LED ZEPPELIN’S “STAIRWAY TO HEAVEN” MAY FACE PLAGIARISM SUIT
Kory Grow of Rolling Stone reports:
As Led Zeppelin promote the extravagant reissues of their first three albums for an early June release, a lawyer representing deceased Spirit guitarist Randy California is claiming the hard-rock legends stole the intro for their 1971 single Stairway to Heaven from Spirit’s 1968 song Taurus. Attorney Francis Alexander Molofiy wants to prevent the release of the Led Zeppelin IV reissue when the time comes, Bloomberg Businessweek reports. “The idea behind this is to make sure that Randy California is given a writing credit on Stairway to Heaven,” Malofiy said. “It’s been a long time coming.”
Led Zeppelin and Spirit, who had a hit with I Got a Line on You, played four shows together in 1968 and 1969, shows at which Businessweek claims Spirit played Taurus. It also alleges that Led Zeppelin played a medley of songs that included Spirit’s Fresh-Garbage – a song that appeared on the same LP side as Taurus – on their first U.S. tour.
In an interview with Listener magazine published the year of his death, California said he felt Stairway to Heaven was a “rip-off.” “The guys made millions of bucks on it and never said ‘Thank you,’ never said, ‘Can we pay you some money for it?'” he said. “It’s kind of a sore point with me. Maybe someday their conscience will make them do something about it.”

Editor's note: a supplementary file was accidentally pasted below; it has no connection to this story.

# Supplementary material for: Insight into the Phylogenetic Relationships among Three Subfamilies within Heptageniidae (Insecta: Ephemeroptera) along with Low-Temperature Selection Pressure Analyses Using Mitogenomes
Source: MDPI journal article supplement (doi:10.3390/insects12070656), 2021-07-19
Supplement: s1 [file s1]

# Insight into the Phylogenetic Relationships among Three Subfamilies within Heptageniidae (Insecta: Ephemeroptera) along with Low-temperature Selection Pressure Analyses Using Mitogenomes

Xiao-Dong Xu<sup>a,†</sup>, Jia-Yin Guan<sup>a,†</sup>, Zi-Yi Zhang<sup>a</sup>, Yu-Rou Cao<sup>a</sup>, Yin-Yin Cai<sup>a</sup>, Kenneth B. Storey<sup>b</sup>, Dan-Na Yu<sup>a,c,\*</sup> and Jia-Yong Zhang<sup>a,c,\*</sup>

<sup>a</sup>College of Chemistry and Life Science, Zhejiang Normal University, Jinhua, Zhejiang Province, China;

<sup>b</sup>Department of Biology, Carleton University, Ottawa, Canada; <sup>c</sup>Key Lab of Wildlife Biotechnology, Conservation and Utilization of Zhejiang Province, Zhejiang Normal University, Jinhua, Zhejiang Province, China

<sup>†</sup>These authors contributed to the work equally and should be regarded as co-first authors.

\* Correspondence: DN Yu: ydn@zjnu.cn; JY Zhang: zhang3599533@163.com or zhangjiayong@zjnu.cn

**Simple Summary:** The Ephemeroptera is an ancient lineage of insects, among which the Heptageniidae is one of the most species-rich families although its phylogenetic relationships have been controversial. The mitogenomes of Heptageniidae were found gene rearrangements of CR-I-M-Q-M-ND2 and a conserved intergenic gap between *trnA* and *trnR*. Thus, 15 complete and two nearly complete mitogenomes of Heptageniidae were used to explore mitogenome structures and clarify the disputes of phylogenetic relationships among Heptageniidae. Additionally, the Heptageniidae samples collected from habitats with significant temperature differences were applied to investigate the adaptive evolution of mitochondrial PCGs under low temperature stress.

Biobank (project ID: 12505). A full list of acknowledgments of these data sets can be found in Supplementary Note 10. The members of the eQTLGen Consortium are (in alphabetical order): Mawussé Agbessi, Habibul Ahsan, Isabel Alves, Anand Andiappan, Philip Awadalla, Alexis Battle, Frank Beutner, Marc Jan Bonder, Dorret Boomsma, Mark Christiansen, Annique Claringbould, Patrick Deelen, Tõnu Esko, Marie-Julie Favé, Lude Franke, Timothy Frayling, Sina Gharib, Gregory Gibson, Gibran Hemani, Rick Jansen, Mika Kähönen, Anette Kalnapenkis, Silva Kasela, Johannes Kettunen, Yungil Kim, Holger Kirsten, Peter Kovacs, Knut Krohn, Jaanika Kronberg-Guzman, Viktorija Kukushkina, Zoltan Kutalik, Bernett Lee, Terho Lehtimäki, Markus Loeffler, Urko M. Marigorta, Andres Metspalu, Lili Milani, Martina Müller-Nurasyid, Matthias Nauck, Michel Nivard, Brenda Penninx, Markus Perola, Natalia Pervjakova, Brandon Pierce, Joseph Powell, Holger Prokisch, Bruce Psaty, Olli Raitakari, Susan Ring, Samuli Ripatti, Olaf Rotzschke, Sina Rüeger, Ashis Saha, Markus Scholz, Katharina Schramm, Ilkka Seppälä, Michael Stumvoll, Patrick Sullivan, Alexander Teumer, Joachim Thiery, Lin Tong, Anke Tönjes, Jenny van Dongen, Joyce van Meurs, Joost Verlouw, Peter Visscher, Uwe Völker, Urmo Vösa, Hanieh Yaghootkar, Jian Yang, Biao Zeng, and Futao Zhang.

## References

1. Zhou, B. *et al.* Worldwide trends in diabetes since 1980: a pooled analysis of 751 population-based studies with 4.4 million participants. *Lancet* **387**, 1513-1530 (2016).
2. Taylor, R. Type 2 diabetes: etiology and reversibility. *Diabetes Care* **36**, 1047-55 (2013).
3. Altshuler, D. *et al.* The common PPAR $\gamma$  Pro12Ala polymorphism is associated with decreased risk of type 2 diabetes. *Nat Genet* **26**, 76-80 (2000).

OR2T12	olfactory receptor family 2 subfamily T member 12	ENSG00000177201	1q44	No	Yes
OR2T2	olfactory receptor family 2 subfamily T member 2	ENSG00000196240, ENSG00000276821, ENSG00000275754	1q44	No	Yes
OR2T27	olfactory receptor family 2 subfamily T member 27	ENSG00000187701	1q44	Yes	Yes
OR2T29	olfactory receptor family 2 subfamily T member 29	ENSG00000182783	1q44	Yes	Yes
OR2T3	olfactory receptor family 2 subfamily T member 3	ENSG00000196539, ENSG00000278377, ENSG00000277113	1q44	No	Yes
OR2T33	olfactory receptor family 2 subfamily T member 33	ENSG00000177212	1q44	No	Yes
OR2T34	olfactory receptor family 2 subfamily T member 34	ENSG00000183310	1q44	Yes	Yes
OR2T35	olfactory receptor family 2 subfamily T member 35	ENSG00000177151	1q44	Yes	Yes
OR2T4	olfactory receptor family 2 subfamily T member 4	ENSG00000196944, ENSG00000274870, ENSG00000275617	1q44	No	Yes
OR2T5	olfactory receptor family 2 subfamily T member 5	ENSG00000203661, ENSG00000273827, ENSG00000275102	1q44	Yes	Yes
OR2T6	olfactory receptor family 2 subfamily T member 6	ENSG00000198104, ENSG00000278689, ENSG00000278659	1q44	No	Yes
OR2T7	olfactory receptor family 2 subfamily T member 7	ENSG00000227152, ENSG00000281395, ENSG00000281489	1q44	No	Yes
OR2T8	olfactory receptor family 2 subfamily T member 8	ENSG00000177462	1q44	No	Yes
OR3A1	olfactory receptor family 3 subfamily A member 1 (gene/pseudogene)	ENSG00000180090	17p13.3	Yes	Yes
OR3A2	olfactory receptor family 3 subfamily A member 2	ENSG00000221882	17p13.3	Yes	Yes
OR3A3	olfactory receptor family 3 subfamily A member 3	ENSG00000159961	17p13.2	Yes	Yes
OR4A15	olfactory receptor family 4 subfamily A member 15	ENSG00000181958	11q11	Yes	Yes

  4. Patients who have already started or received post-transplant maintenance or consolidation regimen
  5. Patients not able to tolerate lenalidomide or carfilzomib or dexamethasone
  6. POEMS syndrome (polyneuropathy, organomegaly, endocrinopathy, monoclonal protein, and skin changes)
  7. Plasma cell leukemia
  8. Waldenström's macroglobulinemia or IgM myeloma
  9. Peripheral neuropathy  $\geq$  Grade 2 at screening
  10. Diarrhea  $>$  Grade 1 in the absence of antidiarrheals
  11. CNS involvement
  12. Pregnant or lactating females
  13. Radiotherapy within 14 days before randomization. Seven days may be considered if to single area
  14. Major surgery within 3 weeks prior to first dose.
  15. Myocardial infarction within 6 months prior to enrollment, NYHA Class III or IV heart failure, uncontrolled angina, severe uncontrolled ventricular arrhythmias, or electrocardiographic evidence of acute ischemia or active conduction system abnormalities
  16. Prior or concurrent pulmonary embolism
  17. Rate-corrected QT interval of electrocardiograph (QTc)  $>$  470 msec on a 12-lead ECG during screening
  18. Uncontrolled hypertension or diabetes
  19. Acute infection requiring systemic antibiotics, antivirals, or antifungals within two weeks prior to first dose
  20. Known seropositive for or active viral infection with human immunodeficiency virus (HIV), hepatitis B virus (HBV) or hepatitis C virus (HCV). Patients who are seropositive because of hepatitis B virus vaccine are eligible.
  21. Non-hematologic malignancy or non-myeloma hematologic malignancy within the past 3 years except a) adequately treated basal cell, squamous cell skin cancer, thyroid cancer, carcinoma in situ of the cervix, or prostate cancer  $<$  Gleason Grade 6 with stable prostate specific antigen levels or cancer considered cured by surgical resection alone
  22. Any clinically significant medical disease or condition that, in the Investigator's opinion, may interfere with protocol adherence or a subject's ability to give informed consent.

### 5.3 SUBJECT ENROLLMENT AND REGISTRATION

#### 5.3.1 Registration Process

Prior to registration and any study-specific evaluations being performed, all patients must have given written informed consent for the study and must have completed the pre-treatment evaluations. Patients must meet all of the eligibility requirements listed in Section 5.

Spirit and California’s family have waited until now to challenge the song’s authorship because they did not have the means to pay attorneys. At the end of California’s life, he would play sitar at an Indian restaurant in exchange for food.
A rep for Led Zeppelin declined to comment for Businessweek‘s story, but Page discussed the band’s history with crediting songwriters after the fact in a recent interview with The New York Times. When asked why the group waited to credit Willie Dixon for bits of lyrics and melody that made their way into Whole Lotta Love, he acknowledged, “Within the lyrics of it, there’s [Dixons’s] You Need Love, and there are similarities within the lyrics. Now I’m not pointing a finger at anybody, but I’m just saying that’s what happened, and Willie Dixon got credit. Fair enough.”
Reissues of Led Zeppelin, Led Zeppelin II and Led Zeppelin III are due in stores on June 3rd. Each is available in a deluxe edition that contains a full disc of never-before-released studio takes and live tracks.